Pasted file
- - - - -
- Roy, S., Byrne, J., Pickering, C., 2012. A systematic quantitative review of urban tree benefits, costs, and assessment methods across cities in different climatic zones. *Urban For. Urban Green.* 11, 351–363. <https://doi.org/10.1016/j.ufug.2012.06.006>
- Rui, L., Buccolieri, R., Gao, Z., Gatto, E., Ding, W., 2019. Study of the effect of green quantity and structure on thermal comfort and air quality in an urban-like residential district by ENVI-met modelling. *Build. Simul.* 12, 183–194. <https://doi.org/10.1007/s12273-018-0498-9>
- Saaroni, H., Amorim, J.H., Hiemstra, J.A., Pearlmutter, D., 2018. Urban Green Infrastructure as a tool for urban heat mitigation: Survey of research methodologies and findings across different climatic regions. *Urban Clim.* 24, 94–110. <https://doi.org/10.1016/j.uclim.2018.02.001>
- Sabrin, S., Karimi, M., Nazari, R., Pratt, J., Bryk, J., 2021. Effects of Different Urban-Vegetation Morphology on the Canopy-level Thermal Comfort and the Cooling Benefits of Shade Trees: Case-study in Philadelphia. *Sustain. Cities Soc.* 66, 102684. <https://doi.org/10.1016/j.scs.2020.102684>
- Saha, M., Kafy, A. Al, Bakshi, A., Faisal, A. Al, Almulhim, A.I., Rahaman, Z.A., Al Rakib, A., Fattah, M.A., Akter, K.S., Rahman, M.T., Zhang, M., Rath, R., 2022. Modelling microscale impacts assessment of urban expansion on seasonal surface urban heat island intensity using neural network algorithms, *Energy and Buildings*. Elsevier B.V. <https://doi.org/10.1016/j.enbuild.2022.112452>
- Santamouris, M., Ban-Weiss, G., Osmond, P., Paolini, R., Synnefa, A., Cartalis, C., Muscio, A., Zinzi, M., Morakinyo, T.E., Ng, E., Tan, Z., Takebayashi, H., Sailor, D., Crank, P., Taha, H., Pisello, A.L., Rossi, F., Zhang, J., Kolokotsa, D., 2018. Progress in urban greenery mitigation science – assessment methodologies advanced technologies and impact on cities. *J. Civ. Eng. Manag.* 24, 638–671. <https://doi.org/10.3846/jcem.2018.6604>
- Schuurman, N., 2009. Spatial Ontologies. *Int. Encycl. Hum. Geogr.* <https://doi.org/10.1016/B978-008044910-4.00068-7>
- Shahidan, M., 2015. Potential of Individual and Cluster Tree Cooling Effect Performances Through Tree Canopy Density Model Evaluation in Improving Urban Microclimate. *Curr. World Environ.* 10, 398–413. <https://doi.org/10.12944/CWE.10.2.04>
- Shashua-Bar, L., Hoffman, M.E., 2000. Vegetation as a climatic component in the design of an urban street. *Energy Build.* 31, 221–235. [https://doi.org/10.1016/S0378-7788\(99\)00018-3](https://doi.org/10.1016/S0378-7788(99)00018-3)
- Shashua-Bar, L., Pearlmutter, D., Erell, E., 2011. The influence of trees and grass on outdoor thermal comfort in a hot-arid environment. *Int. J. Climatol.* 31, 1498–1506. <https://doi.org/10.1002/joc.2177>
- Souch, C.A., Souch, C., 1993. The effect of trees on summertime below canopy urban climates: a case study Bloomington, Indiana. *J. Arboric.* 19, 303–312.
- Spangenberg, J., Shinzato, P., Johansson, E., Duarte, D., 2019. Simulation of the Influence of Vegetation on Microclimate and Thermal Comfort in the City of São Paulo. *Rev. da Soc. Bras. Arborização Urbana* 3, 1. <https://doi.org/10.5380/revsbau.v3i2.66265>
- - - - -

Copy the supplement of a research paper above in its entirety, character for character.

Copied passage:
- Roy, S., Byrne, J., Pickering, C., 2012. A systematic quantitative review of urban tree benefits, costs, and assessment methods across cities in different climatic zones. *Urban For. Urban Green.* 11, 351–363. <https://doi.org/10.1016/j.ufug.2012.06.006>
- Rui, L., Buccolieri, R., Gao, Z., Gatto, E., Ding, W., 2019. Study of the effect of green quantity and structure on thermal comfort and air quality in an urban-like residential district by ENVI-met modelling. *Build. Simul.* 12, 183–194. <https://doi.org/10.1007/s12273-018-0498-9>
- Saaroni, H., Amorim, J.H., Hiemstra, J.A., Pearlmutter, D., 2018. Urban Green Infrastructure as a tool for urban heat mitigation: Survey of research methodologies and findings across different climatic regions. *Urban Clim.* 24, 94–110. <https://doi.org/10.1016/j.uclim.2018.02.001>
- Sabrin, S., Karimi, M., Nazari, R., Pratt, J., Bryk, J., 2021. Effects of Different Urban-Vegetation Morphology on the Canopy-level Thermal Comfort and the Cooling Benefits of Shade Trees: Case-study in Philadelphia. *Sustain. Cities Soc.* 66, 102684. <https://doi.org/10.1016/j.scs.2020.102684>
- Saha, M., Kafy, A. Al, Bakshi, A., Faisal, A. Al, Almulhim, A.I., Rahaman, Z.A., Al Rakib, A., Fattah, M.A., Akter, K.S., Rahman, M.T., Zhang, M., Rath, R., 2022. Modelling microscale impacts assessment of urban expansion on seasonal surface urban heat island intensity using neural network algorithms, *Energy and Buildings*. Elsevier B.V. <https://doi.org/10.1016/j.enbuild.2022.112452>
- Santamouris, M., Ban-Weiss, G., Osmond, P., Paolini, R., Synnefa, A., Cartalis, C., Muscio, A., Zinzi, M., Morakinyo, T.E., Ng, E., Tan, Z., Takebayashi, H., Sailor, D., Crank, P., Taha, H., Pisello, A.L., Rossi, F., Zhang, J., Kolokotsa, D., 2018. Progress in urban greenery mitigation science – assessment methodologies advanced technologies and impact on cities. *J. Civ. Eng. Manag.* 24, 638–671. <https://doi.org/10.3846/jcem.2018.6604>
- Schuurman, N., 2009. Spatial Ontologies. *Int. Encycl. Hum. Geogr.* <https://doi.org/10.1016/B978-008044910-4.00068-7>
- Shahidan, M., 2015. Potential of Individual and Cluster Tree Cooling Effect Performances Through Tree Canopy Density Model Evaluation in Improving Urban Microclimate. *Curr. World Environ.* 10, 398–413. <https://doi.org/10.12944/CWE.10.2.04>
- Shashua-Bar, L., Hoffman, M.E., 2000. Vegetation as a climatic component in the design of an urban street. *Energy Build.* 31, 221–235. [https://doi.org/10.1016/S0378-7788\(99\)00018-3](https://doi.org/10.1016/S0378-7788(99)00018-3)
- Shashua-Bar, L., Pearlmutter, D., Erell, E., 2011. The influence of trees and grass on outdoor thermal comfort in a hot-arid environment. *Int. J. Climatol.* 31, 1498–1506. <https://doi.org/10.1002/joc.2177>
- Souch, C.A., Souch, C., 1993. The effect of trees on summertime below canopy urban climates: a case study Bloomington, Indiana. *J. Arboric.* 19, 303–312.
- Spangenberg, J., Shinzato, P., Johansson, E., Duarte, D., 2019. Simulation of the Influence of Vegetation on Microclimate and Thermal Comfort in the City of São Paulo. *Rev. da Soc. Bras. Arborização Urbana* 3, 1. <https://doi.org/10.5380/revsbau.v3i2.66265>